to remedy actual or potential excess prices is a particularly
sensitive issue. Despite the fact that EU law prohibits an abuse
of a dominant position and that such abuse may consist of unfairly
high prices regulators appear reluctant to go the Competition
Act route and prefer the more conventional route of licence enforcement
or amendment. One effect is that the licensee has no right of
appeal on the merits in the case of an adverse finding.
There will undoubtedly be "public interest"
issues arising from the conduct of a regulated firm which fall
outside the prohibitions of the Competition Act but the constitutional
question is whether those issues are so worthy of attention as
to require a full apparatus of regulatory control in each of the
A final point on the second issue relates to
the growing influence of EU law on the status of the domestic
regulators. To take telecommunications as an example the incoming
EU directives, in force in the United Kingdom since March 2002
and taking full effect in July 2003, prospectively repeal the
entire group of sections of the Telecommunications Act dealing
with licence enforcement and modification. What has stood since
1984 is now subsumed within the EU directives and the position
of OFTEL is transformed into that of a National Regulatory Authority
acting within the scope of the incoming directives.
In summary, roles are changing and ending, as
a result of major shifts in legislative direction over the form
of control over dominant firms and the importance of encouraging
greater liberalisation throughout the EU in the former state owned
3. Who are the members of regulatory bodies;
how are they appointed; are they adequately represented; do Nolan
These questions are directed to the situation
as it operates today and are, essentially, for Ministers and the
current regulators to answer.
The position that prevailed up to and including
my appointment as Rail Regulator was that the Secretary of State,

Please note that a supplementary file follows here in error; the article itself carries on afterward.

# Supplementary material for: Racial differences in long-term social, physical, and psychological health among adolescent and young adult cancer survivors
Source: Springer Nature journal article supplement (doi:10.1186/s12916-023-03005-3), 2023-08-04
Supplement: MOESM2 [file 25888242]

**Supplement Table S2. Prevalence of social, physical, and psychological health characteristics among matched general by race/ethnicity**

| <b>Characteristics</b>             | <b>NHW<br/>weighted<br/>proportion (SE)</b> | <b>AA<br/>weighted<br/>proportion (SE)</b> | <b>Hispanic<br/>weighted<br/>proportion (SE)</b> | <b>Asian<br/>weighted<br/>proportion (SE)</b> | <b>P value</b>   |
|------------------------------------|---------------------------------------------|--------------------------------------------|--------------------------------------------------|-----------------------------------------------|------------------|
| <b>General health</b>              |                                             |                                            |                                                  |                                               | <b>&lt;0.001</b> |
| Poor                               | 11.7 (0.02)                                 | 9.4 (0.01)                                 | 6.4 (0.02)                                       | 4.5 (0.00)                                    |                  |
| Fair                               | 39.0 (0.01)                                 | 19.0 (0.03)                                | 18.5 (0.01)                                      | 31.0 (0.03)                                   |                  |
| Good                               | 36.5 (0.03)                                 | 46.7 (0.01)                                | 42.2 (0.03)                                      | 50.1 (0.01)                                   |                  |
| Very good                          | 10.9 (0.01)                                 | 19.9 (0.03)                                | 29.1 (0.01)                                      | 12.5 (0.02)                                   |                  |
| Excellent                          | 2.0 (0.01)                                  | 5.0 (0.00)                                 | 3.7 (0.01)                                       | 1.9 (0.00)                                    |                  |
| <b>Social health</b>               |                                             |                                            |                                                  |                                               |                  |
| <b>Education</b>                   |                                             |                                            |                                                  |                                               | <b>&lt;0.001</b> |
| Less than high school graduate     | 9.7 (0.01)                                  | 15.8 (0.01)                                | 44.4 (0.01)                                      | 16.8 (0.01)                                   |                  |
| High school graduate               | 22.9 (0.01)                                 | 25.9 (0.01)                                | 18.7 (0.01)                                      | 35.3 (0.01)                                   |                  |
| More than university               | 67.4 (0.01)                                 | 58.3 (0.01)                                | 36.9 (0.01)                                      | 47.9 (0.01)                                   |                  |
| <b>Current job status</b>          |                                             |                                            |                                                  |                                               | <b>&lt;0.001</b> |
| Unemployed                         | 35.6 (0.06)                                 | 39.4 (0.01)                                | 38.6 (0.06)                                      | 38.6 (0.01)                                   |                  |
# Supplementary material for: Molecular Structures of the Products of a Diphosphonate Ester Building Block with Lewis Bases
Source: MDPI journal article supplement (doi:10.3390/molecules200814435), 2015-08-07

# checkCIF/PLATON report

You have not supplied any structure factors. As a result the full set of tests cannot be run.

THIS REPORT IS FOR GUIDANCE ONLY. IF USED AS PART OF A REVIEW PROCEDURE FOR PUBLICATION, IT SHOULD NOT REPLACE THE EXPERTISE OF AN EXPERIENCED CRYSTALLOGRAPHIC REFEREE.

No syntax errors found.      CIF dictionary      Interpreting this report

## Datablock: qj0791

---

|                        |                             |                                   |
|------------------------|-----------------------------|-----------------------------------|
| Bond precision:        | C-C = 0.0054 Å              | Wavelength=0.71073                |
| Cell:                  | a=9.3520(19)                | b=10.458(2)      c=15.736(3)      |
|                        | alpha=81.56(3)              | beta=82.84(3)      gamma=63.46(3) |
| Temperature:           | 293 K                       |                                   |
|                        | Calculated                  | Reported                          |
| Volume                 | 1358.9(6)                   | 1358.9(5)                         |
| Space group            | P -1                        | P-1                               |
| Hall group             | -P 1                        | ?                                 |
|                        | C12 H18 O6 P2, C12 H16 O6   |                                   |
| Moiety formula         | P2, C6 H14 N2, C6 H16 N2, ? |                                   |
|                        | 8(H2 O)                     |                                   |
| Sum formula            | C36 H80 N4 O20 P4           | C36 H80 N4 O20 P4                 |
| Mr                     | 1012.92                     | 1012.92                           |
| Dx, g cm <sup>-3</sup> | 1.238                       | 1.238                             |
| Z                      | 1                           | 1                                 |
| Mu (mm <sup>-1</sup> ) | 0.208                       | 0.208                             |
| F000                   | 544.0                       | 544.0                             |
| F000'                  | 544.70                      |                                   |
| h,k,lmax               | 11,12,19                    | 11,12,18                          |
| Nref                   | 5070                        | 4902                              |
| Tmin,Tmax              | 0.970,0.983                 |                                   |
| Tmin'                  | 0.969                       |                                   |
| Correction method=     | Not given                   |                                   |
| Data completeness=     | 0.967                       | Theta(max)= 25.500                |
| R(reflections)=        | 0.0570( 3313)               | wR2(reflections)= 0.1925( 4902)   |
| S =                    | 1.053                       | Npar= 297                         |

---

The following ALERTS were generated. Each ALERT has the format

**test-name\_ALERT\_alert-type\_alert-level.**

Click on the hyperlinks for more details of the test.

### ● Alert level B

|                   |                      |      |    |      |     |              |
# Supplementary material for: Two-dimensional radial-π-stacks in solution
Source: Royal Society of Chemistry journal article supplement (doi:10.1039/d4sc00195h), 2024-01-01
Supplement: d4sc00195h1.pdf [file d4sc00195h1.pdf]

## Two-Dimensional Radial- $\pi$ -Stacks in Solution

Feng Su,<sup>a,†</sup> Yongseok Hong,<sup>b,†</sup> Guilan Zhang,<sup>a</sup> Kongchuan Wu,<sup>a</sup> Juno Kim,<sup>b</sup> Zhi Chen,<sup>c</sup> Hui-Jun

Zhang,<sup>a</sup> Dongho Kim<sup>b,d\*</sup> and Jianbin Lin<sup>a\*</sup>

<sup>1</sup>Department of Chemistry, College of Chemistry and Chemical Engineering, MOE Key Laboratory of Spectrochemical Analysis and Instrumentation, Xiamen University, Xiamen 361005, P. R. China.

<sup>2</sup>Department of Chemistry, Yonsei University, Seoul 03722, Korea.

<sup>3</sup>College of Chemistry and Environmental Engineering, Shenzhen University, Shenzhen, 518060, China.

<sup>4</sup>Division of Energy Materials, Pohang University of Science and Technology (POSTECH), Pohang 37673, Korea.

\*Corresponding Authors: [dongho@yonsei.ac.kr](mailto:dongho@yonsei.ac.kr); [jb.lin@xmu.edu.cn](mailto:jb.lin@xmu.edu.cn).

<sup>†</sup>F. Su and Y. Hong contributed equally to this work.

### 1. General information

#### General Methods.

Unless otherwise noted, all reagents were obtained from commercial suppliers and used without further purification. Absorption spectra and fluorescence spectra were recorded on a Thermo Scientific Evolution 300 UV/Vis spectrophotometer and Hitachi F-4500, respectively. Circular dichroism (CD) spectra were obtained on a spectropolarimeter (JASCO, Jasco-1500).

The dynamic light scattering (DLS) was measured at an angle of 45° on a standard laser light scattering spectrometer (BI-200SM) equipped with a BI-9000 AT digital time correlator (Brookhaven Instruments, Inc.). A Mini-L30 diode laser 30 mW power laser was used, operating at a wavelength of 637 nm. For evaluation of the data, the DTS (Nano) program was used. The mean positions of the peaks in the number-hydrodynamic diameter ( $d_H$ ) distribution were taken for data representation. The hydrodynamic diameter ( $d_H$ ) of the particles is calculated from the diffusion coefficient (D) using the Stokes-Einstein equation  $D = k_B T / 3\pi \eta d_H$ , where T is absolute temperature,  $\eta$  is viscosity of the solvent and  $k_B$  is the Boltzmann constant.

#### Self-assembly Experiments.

in my case Transport, advertised the job; there was a competition;
a panel of civil servants and advisors interviewed applicants
and came to a short list of two; that was followed by an interview
with the Secretary of State, Mr John McGregor, and the Minister
of State, Mr Roger Freeman.
At that time the individual was the regulatorthere
was no question of the appointment of a Board to exercise collective
responsibility. The buck really did stop with us as individuals,
no matter what form of delegation or internal processes of consultation
we used. From the outset I thought that we should establish a
group which would be responsible for de facto decision
makingin part to encourage my new colleagues, who were
the employees of my Office, to move from their traditional civil
servant advisory role to decision making roles but also to bring
in some outside experience on transport, economics, consumer affairs
and general expertise.
Thus Sir Wilfred Newton (former Chairman of
London Transport), Professor Stephen Glaister (now of Imperial
College, London) Ann Foster (formerly Director of the Scottish
Consumer Council) and General Sir Thomas Boyd-Carpenter came,
at my request, on to a new "Council of the Office of the
Rail Regulator" which served until I left office as the main
decision making unit within the Office of the Rail Regulator,
though its members were all anxious to remind me that the Council
was advisory only and that the Rail regulator himself was the
decision maker (and any other person to whom decision making was
properly delegated). I never regretted that decision. I found